In Poker Flat, his best Western role in my view, he plays another part not in the Harte story (it doesn’t matter), and opens the film noirishly in light and shadows by cracking a safe, cynically sending his accomplices to their death, murdering two townsmen, exploiting a woman (Baxter) so that she holds the loot, and escaping. Charming. Later, he comes to the cabin where the outcasts are snowed in and terrorizes them there, and the film is mostly a siege/hostage story which reminds me quite a lot of another excellent Fox picture, the Henry Hathaway-directed Rawhide, of the year before, with Tyrone Power and Susan Hayward both terrific.
The other characters are written ‘down’ and the actors have little possibility to shine: the Uncle Billy part has become old Jake (William H Lynn) and he runs the horses off through drunken incompetence rather than malice, and remains with the hostages till brutally shot down (offstage) by Ryker. Miriam Hopkins was only in three Westerns: she’d led opposite Edward G Robinson in Barbary Coast and had been Errol Flynn’s love interest in Virginia City. Here she’s OK as the aging lady of the night but little more than that. Tom and Piney are played by Craig Hill and Barbara Bates. They are a bit on the bland side too. Bates had appeared with Anne Baxter earlier in the famous All About Eve.
The outcasts: Jake (William H Lynn), Duchess (Miriam Hopkins), Cal (Anne Baxter), Oakehurst (Dale Robertson)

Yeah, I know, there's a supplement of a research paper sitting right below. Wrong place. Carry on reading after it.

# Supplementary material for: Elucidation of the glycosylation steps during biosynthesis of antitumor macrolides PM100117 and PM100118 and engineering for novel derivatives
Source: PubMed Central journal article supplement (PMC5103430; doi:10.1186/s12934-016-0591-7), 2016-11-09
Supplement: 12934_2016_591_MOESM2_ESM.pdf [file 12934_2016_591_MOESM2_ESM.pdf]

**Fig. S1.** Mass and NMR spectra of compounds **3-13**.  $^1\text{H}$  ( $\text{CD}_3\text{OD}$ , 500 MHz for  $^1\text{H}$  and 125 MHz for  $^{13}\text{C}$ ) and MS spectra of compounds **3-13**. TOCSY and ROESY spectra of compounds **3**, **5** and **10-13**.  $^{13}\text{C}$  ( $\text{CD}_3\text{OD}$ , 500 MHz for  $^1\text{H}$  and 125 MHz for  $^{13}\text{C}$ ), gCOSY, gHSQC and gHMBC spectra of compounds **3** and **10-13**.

This version of the story is far from faithful to the Harte original – notably the ending - but it is certainly the closest of them all. It doesn’t matter, though, because Harte only hinted at the character of his personages and the story leaves plenty of room for interpretation and addition, and why not? I do think the ending is a slight cop-out and the film would have been noirer and stronger if the characters had been left frozen in the snow. Ryker’s end, however, is well done. The story of the revolver in the chimney is bien trouvé also.
Harte had his characters only brave the elements but the addition of the ruthless gunman is a good one, as later movies showed. In both Will Penny in 1968 and Shoot-Out in 1971 evil gunmen hold good people hostage in a cabin until the brave hero or heroes overcome them by courage and resourcefulness. Will Penny’s winter setting makes it especially Poker Flat-like. The Secret of Convict Lake, a Glenn Ford movie of 1951, must also have had an influence.
Newman and cinematographer Joseph LaShelle (an old hand who had done the silent Whispering Smith) did a very stylish job of filming, especially in the early shots of the town at night. There’s a lot of chiaroscuro and although most of the action is huis clos, taking place in the claustrophobic cabin, and therefore on a soundstage, such outside shots as there are, are well done.
Fine photography and noir armosphere
The 1952 version of The Outcasts of Poker Flat is a very good Western and I recommend it to you. John Ford had an option on the script for some time but didn’t in the end remake it. One wonders what might have been. But the director, cinematographer and actors made a very good fist of it as it was and if you like post-War noir Westerns, you’ll enjoy this one.
Even though there’s no derringer in it.